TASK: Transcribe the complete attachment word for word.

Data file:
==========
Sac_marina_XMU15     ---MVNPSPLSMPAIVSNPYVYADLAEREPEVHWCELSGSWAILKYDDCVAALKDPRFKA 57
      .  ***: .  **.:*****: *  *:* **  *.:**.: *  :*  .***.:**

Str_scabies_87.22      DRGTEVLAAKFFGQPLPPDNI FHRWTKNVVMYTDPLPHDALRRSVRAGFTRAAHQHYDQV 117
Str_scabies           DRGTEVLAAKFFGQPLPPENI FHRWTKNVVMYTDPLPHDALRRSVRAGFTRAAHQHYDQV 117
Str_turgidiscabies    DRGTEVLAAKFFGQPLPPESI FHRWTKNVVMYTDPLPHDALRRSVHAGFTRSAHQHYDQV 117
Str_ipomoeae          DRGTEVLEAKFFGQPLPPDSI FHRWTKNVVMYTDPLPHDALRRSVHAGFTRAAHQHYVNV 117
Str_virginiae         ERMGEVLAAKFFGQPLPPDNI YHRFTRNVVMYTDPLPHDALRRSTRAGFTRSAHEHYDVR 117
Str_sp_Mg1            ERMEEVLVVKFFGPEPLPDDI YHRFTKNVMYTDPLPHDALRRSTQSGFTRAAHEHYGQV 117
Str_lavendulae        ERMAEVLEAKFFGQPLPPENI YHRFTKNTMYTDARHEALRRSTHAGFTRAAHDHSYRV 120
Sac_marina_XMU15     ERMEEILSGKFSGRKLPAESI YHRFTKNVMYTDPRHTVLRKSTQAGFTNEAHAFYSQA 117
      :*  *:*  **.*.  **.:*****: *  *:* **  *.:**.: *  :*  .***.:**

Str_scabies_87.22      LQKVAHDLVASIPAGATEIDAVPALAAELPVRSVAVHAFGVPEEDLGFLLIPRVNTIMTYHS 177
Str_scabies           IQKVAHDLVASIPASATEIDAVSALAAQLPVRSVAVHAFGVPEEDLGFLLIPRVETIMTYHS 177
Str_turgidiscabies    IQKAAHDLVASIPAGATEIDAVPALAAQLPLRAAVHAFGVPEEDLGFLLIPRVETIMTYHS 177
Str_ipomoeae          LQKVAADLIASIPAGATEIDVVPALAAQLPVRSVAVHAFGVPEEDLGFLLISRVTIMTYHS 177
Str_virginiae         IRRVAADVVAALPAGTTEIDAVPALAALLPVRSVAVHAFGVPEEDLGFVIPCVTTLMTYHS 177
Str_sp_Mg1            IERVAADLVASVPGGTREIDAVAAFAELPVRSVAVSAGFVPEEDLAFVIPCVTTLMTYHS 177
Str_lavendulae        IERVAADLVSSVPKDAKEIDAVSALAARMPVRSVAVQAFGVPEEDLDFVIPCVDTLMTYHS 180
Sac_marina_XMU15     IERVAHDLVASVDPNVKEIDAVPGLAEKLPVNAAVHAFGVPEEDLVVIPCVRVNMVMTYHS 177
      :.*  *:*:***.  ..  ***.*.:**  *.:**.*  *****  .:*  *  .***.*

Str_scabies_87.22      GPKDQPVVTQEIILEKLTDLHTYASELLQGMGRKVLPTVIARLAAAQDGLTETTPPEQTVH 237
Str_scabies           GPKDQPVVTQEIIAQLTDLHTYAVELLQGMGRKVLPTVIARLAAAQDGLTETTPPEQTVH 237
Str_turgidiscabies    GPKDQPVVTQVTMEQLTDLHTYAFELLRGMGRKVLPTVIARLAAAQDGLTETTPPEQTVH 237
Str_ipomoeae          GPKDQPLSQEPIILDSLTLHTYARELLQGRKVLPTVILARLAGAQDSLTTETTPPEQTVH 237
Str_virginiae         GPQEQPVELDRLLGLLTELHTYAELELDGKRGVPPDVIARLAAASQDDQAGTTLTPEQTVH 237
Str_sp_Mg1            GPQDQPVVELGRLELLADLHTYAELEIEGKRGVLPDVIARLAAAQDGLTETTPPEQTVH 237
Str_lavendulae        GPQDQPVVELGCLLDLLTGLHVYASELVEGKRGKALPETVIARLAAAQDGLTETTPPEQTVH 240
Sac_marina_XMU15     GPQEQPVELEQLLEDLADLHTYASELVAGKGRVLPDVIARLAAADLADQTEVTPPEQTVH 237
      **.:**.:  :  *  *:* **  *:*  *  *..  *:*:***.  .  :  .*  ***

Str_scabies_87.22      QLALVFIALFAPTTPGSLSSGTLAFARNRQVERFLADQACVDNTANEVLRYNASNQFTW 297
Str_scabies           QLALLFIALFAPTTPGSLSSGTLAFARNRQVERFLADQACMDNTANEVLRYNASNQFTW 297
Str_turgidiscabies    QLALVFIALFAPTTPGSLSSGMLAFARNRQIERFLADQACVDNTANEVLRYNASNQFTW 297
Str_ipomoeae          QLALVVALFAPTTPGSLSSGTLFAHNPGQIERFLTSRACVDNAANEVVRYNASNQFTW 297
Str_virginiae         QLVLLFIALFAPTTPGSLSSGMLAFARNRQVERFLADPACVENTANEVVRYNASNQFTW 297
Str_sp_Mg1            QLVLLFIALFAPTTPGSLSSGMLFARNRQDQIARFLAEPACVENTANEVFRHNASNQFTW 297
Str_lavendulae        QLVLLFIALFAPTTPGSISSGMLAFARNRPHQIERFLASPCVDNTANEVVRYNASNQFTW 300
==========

Sac_marina_XMU15     ---MVNPSPLSMPAIVSNPYVYADLAEREPEVHWCELSGSWAILKYDDCVAALKDPRFKA 57
      .  ***: .  **.:*****: *  *:* **  *.:**.: *  :*  .***.:**

Str_scabies_87.22      DRGTEVLAAKFFGQPLPPDNI FHRWTKNVVMYTDPLPHDALRRSVRAGFTRAAHQHYDQV 117
Str_scabies           DRGTEVLAAKFFGQPLPPENI FHRWTKNVVMYTDPLPHDALRRSVRAGFTRAAHQHYDQV 117
Str_turgidiscabies    DRGTEVLAAKFFGQPLPPESI FHRWTKNVVMYTDPLPHDALRRSVHAGFTRSAHQHYDQV 117
Str_ipomoeae          DRGTEVLEAKFFGQPLPPDSI FHRWTKNVVMYTDPLPHDALRRSVHAGFTRAAHQHYVNV 117
Str_virginiae         ERMGEVLAAKFFGQPLPPDNI YHRFTRNVVMYTDPLPHDALRRSTRAGFTRSAHEHYDVR 117
Str_sp_Mg1            ERMEEVLVVKFFGPEPLPDDI YHRFTKNVMYTDPLPHDALRRSTQSGFTRAAHEHYGQV 117
Str_lavendulae        ERMAEVLEAKFFGQPLPPENI YHRFTKNTMYTDARHEALRRSTHAGFTRAAHDHSYRV 120
Sac_marina_XMU15     ERMEEILSGKFSGRKLPAESI YHRFTKNVMYTDPRHTVLRKSTQAGFTNEAHAFYSQA 117
      :*  *:*  **.*.  **.:*****: *  *:* **  *.:**.: *  :*  .***.:**

Str_scabies_87.22      LQKVAHDLVASIPAGATEIDAVPALAAELPVRSVAVHAFGVPEEDLGFLLIPRVNTIMTYHS 177
Str_scabies           IQKVAHDLVASIPASATEIDAVSALAAQLPVRSVAVHAFGVPEEDLGFLLIPRVETIMTYHS 177
Str_turgidiscabies    IQKAAHDLVASIPAGATEIDAVPALAAQLPLRAAVHAFGVPEEDLGFLLIPRVETIMTYHS 177
Str_ipomoeae          LQKVAADLIASIPAGATEIDVVPALAAQLPVRSVAVHAFGVPEEDLGFLLISRVTIMTYHS 177
Str_virginiae         IRRVAADVVAALPAGTTEIDAVPALAALLPVRSVAVHAFGVPEEDLGFVIPCVTTLMTYHS 177
Str_sp_Mg1            IERVAADLVASVPGGTREIDAVAAFAELPVRSVAVSAGFVPEEDLAFVIPCVTTLMTYHS 177
Str_lavendulae        IERVAADLVSSVPKDAKEIDAVSALAARMPVRSVAVQAFGVPEEDLDFVIPCVDTLMTYHS 180
Sac_marina_XMU15     IERVAHDLVASVDPNVKEIDAVPGLAEKLPVNAAVHAFGVPEEDLVVIPCVRVNMVMTYHS 177
      :.*  *:*:***.  ..  ***.*.:**  *.:**.*  *****  .:*  *  .***.*

Str_scabies_87.22      GPKDQPVVTQEIILEKLTDLHTYASELLQGMGRKVLPTVIARLAAAQDGLTETTPPEQTVH 237
Str_scabies           GPKDQPVVTQEIIAQLTDLHTYAVELLQGMGRKVLPTVIARLAAAQDGLTETTPPEQTVH 237
Str_turgidiscabies    GPKDQPVVTQVTMEQLTDLHTYAFELLRGMGRKVLPTVIARLAAAQDGLTETTPPEQTVH 237
Str_ipomoeae          GPKDQPLSQEPIILDSLTLHTYARELLQGRKVLPTVILARLAGAQDSLTTETTPPEQTVH 237
Str_virginiae         GPQEQPVELDRLLGLLTELHTYAELELDGKRGVPPDVIARLAAASQDDQAGTTLTPEQTVH 237
Str_sp_Mg1            GPQDQPVVELGRLELLADLHTYAELEIEGKRGVLPDVIARLAAAQDGLTETTPPEQTVH 237
Str_lavendulae        GPQDQPVVELGCLLDLLTGLHVYASELVEGKRGKALPETVIARLAAAQDGLTETTPPEQTVH 240
Sac_marina_XMU15     GPQEQPVELEQLLEDLADLHTYASELVAGKGRVLPDVIARLAAADLADQTEVTPPEQTVH 237
      **.:**.:  :  *  *:* **  *:*  *  *..  *:*:***.  .  :  .*  ***

Str_scabies_87.22      QLALVFIALFAPTTPGSLSSGTLAFARNRQVERFLADQACVDNTANEVLRYNASNQFTW 297
Str_scabies           QLALLFIALFAPTTPGSLSSGTLAFARNRQVERFLADQACMDNTANEVLRYNASNQFTW 297
Str_turgidiscabies    QLALVFIALFAPTTPGSLSSGMLAFARNRQIERFLADQACVDNTANEVLRYNASNQFTW 297
Str_ipomoeae          QLALVVALFAPTTPGSLSSGTLFAHNPGQIERFLTSRACVDNAANEVVRYNASNQFTW 297
Str_virginiae         QLVLLFIALFAPTTPGSLSSGMLAFARNRQVERFLADPACVENTANEVVRYNASNQFTW 297
Str_sp_Mg1            QLVLLFIALFAPTTPGSLSSGMLFARNRQDQIARFLAEPACVENTANEVFRHNASNQFTW 297
Str_lavendulae        QLVLLFIALFAPTTPGSISSGMLAFARNRPHQIERFLASPCVDNTANEVVRYNASNQFTW 300